China’s Kwangtung Mint was world’s largest when the facility opened in the 1890s

World Coins On the Block column from the Nov. 3, 2014, issue of Coin World
By , Coin World
Published : 10/19/14
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When China built its first modern style mint, it had to rely on outside help before the facility could become fully operational. But once it opened, the mint was the world’s largest. 

China’s first coining facility to use modern technology was the mint in Kwangtung Province, authorized in 1887. Machinery, dies and other equipment were ordered from the Heaton Mint in Birmingham, England, arriving in China in 1888. 

An undated (struck from 1890 to 1908) silver dollar (7 mace, 2 candareens) coin from one of the earliest series of modern, machine-struck coins made in China highlights Champion Hong Kong Auctions’ Nov. 30 sale in Macau.

World’s largest mint

When it opened, the Kwangtung (Canton or Guangdong) Mint was the largest mint in the world, measuring 200 meters long and 130 meters wide. It operated 90 minting machines at a time the U.S. Mint in Philadelphia was operating six machines or fewer, according to Michael Chou, president of Champion Hong Kong Auctions. 

Before providing the Kwangtung Mint with equipment and dies, the Heaton Mint struck a limited number of Proof or Specimen examples of the first series of Chinese coins. Once the Kwangtung Mint was properly outfitted, it took over production of the circulating issues.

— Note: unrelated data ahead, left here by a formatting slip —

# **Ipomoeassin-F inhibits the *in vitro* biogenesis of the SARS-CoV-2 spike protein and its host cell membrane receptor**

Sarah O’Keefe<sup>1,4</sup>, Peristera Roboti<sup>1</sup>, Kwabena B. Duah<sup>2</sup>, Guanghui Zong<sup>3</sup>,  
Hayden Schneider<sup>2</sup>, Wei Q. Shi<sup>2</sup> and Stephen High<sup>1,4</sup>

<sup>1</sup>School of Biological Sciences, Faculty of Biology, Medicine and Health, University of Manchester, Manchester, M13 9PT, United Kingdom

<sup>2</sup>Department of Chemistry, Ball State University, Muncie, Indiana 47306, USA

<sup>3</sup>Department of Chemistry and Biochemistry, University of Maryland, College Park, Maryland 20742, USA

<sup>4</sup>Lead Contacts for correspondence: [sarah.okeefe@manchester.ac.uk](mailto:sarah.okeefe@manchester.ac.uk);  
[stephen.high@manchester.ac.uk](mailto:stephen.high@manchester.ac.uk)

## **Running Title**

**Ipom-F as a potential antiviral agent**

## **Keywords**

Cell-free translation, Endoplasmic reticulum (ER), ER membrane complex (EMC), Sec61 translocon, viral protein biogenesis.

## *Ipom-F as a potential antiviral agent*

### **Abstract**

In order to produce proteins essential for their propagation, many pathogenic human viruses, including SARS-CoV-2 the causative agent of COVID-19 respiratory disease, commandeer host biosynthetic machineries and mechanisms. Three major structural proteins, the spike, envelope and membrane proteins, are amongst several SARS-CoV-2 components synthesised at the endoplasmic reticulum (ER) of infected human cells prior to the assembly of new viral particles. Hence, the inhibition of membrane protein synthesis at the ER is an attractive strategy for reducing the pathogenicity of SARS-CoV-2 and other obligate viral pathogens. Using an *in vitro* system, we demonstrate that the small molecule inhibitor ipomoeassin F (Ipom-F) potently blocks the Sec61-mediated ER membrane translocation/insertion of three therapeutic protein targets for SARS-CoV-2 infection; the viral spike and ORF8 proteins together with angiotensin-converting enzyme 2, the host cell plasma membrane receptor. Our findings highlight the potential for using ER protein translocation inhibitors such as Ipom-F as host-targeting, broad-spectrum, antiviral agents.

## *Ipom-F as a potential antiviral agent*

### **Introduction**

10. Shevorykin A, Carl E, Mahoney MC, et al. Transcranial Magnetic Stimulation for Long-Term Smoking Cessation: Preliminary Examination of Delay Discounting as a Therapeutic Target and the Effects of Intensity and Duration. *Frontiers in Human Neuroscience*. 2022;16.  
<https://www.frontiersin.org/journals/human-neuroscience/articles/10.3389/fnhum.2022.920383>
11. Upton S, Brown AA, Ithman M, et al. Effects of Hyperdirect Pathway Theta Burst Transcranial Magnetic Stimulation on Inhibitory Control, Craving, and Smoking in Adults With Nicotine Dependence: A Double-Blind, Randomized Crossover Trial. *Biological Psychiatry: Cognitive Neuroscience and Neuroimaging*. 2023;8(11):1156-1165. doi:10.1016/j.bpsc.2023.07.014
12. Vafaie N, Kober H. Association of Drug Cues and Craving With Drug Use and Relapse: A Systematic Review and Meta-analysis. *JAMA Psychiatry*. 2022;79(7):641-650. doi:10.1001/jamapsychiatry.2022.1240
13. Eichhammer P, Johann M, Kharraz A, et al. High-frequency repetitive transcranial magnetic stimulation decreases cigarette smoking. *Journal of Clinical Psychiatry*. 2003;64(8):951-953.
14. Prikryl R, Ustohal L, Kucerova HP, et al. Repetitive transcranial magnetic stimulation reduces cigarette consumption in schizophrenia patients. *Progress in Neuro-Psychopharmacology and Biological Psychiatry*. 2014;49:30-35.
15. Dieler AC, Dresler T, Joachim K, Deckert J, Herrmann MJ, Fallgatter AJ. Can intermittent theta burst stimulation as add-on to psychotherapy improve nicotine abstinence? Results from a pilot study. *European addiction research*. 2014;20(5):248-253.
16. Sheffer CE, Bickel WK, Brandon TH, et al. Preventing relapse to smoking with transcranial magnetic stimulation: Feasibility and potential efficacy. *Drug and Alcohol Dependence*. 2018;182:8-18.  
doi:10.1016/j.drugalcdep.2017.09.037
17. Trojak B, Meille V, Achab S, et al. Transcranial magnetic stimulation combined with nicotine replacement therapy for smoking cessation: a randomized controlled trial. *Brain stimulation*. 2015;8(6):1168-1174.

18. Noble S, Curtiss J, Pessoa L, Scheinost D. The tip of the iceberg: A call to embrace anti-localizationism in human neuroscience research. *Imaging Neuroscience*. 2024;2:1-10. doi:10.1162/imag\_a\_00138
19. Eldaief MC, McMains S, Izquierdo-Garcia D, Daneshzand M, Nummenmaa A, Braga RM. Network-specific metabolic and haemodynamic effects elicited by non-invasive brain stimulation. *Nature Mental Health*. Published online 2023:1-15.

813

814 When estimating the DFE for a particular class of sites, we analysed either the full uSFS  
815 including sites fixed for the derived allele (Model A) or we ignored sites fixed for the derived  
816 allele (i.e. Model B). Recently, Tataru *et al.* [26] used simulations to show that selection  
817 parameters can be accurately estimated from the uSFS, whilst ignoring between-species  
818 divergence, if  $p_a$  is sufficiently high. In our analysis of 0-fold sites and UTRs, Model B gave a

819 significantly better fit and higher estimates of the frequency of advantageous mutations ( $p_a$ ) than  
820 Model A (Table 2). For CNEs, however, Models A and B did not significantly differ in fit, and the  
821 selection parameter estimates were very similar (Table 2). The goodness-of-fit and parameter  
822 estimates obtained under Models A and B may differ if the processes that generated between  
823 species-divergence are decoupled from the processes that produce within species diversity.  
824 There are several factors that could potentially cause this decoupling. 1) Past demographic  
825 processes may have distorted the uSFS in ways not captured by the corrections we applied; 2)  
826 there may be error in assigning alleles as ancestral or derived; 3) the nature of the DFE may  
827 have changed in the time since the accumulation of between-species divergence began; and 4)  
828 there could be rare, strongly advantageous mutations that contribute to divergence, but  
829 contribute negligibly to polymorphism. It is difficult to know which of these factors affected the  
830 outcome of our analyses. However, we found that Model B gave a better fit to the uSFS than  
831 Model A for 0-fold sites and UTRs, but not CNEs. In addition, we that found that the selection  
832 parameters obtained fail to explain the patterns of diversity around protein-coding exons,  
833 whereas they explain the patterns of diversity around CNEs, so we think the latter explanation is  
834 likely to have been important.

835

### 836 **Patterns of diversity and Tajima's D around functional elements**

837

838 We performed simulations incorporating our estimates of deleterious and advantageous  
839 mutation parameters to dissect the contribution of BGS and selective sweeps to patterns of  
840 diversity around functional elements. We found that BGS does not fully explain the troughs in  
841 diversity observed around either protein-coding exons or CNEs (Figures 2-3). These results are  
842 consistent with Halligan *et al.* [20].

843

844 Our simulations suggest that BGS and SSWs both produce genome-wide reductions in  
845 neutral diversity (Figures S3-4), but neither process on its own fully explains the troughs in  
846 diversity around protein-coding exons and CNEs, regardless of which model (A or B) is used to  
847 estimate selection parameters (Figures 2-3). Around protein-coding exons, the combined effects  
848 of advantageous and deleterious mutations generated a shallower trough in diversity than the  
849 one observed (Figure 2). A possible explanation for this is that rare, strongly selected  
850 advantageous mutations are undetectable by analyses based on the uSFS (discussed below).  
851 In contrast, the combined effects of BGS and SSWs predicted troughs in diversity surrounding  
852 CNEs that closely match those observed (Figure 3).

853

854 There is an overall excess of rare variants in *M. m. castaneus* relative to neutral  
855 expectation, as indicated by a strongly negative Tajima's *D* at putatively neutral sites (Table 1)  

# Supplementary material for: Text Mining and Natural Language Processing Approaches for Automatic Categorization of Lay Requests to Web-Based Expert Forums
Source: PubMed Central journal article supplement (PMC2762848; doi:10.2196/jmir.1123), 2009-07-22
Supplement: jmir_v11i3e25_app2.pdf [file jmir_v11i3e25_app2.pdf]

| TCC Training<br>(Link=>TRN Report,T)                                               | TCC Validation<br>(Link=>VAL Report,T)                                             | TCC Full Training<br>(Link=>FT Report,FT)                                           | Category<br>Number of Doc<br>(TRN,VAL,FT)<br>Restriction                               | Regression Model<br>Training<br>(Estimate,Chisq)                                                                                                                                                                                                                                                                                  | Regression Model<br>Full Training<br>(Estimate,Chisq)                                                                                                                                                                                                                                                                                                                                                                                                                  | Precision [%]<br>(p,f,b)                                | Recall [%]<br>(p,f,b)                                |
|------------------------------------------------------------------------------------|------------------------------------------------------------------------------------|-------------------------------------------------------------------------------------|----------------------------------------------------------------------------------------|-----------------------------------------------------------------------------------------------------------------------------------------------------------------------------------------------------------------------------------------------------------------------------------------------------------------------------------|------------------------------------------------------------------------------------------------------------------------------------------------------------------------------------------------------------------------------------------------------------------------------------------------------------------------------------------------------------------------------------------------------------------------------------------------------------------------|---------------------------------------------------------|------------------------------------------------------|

At Kwangtung’s Mint, four Japanese-made presses each struck as many as 100,000 silver dollars daily, and 86 smaller presses produced up to 30,000 copper coins per machine daily, according to a May 19, 1888, article in The Graphic, a London weekly, provided by Chou. 

Changing metal standards

The first silver dollar series minted was dubbed the “Seven Three Reversed Patterns,” the “seven three” referencing the silver standard of 7 mace and 3 candareens used for the dollar coin. The “Reversed” in the title reflects the order of the English and Chinese legends, which are reversed from what later became standard. 

Officials changed the legends in 1889 to include an English inscription surrounding the dragon design, and at the same time changed the weight standard; these silver coins are based on a weight equivalent of 7 mace, 2 candareens.

The dollar coin in the auction is graded Mint State 65 by Numismatic Guaranty Corp. One of the finest known examples, the coin has an estimate of $20,000 to $40,000 U.S. 

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